Beat ’em up, Phantom Thieves
At this point, Atlus kind of can’t do wrong when it comes to the Persona series.
Now, everyone has their favorite recent Persona (3-5), and to create some suspense, I won’t tell you that 4 is mine. Wait, I think I messed up there.
Persona 5 slaps too. And it’s still fun as a beat ’em up.
Persona 5 Strikers (PC, PS4 [reviewed], Switch)
Developer: Omega Force, P-Studio
Released: February 20, 2020 (JP) | February 23, 2021
At this juncture, we haven’t fully made our way through Persona 5 Strikers yet, but suffice to say, we get the gist.
I’m gonna start with the good news on the options at first: you have English or Japanese audio available at the start. It’s great news for folks who prefer either cast, but there’s at least one gameplay concession that’s going to delight everyone involved. Yep, it’s none other than the modern “framerate” or “graphic” settings, which focus on performance or visuals respectively.
Wait. Hold the phone. “Framerate” setting in an Omega Force game? Have we arrived, as a civilization? As a culture? Maybe. But as far as this game is concerned, the framerate is rather stable, in my PS4 version tests on a PS5. We were unable to try out the PC and Switch editions, mind.
So digging right in with all the tablesetting aside, what is Persona 5 Strikers? Simply put, it’s a continuation of sorts that’s mere months after the events of the core game. The whole gang gets sucked into yet another adventure in a different reality/plane, and it’s off to the races. While it’s early yet in terms of judging the merit of the story itself, I am thoroughly intrigued, and appreciate that it’s not a hand-waved spinoff.
The game kind of assumes that you already have some sort of knowledge in regards to Persona 5‘s cast, but the gargantuan JRPG is not required reading, so to speak. You can get the basic gist (this is a beat ’em up ultimately) just by gleaning character traits and narratives in-game. Some of said narrative is displayed via text messages between the cast, which results in cute little sets of banter. But you also get fully voiced cutscenes with actual effort into them, all with the jazzy and bold Persona aesthetic. Oh, and a decent chunk of chilling between scenarios, walking around (albeit very limited and tunnel-y) portions of Tokyo, buying stuff, and engaging in tertiary RPG bits.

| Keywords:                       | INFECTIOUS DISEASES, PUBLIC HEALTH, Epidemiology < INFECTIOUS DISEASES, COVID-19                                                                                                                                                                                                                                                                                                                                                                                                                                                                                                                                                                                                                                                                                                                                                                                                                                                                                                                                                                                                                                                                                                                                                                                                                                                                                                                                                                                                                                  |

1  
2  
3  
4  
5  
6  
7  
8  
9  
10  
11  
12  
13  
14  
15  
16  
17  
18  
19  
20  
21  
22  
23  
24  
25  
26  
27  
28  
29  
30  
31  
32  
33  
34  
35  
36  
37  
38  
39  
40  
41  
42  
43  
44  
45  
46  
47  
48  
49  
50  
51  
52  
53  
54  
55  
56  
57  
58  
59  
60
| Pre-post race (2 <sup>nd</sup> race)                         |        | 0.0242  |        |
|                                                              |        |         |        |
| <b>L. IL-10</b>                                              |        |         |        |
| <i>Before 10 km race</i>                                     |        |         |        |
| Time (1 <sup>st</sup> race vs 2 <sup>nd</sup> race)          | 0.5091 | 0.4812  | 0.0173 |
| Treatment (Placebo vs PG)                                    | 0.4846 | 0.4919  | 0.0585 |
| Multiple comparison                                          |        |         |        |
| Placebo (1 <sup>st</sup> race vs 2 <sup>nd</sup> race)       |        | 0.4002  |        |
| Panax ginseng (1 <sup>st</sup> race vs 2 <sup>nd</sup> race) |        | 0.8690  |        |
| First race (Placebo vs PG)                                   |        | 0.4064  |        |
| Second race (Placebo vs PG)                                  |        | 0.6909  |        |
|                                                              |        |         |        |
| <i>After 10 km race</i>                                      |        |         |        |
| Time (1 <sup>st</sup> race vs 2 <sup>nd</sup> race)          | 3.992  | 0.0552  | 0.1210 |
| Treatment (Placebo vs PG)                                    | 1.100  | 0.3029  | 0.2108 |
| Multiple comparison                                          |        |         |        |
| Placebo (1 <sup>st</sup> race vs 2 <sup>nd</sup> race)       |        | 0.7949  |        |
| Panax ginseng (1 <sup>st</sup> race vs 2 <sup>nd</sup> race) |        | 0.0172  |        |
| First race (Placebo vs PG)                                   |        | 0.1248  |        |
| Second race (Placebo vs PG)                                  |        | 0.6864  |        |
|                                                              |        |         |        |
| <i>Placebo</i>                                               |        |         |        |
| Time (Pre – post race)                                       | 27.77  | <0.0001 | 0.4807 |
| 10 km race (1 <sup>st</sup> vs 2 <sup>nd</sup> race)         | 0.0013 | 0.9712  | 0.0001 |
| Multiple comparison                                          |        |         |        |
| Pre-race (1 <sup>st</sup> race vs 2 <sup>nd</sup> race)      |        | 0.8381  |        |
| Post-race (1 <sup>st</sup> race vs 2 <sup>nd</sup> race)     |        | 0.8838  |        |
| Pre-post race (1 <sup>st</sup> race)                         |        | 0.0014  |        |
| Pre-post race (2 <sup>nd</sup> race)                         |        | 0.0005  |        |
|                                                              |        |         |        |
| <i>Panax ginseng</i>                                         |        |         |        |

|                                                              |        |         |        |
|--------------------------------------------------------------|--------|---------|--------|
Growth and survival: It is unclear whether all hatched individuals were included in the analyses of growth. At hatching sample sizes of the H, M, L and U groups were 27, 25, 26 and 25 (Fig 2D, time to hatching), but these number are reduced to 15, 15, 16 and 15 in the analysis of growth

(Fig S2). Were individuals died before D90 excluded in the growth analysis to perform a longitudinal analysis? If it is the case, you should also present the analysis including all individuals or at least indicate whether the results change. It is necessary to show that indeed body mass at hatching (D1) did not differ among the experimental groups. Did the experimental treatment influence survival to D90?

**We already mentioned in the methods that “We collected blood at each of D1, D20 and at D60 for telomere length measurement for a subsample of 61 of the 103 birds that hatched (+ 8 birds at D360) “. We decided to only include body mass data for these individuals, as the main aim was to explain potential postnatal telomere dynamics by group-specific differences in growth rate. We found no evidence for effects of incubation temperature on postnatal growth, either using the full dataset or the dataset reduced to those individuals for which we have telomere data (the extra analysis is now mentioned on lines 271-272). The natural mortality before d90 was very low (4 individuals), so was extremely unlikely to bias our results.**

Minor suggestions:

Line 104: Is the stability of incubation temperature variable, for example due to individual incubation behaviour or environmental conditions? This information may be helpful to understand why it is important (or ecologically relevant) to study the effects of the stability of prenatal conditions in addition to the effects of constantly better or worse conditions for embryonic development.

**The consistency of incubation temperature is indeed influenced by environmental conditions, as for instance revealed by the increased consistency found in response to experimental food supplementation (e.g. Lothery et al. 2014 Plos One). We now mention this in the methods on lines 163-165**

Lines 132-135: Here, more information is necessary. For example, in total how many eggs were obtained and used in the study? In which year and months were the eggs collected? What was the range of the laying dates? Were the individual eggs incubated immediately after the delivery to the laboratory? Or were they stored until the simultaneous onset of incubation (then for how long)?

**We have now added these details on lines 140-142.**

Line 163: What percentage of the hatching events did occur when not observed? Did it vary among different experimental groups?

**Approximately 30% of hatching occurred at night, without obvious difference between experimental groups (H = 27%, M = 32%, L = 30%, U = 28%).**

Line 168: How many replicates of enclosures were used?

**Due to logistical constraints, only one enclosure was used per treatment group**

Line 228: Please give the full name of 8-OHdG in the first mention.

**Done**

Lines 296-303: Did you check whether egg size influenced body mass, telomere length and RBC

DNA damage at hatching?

It feels like a real extension of the Persona 5 universe, which is a huge plus in terms of cutting down on some of the roteness of the Omega Force mechanical formula. You are still, ultimately, hitting a basic attack button and stringing in combos with a special attack button (and they are still Square and Triangle on PlayStation consoles). But you also add in the panache of Persona-centric supers that are larger than life anime explosions, as well as the fun of summoning in personas and firing off your gun at hapless spirits.
It’s early yet to tell whether or not that tried and true formula will overstay its welcome, but Persona 5 Strikers is looking real good so far, as an Omega Force brawler and as a Persona game. It’s a bold claim for sure, but it already grabbed me with the promise of more Persona. Stay tuned for our full review.
[This review is based on retail builds of the game provided by the publisher.]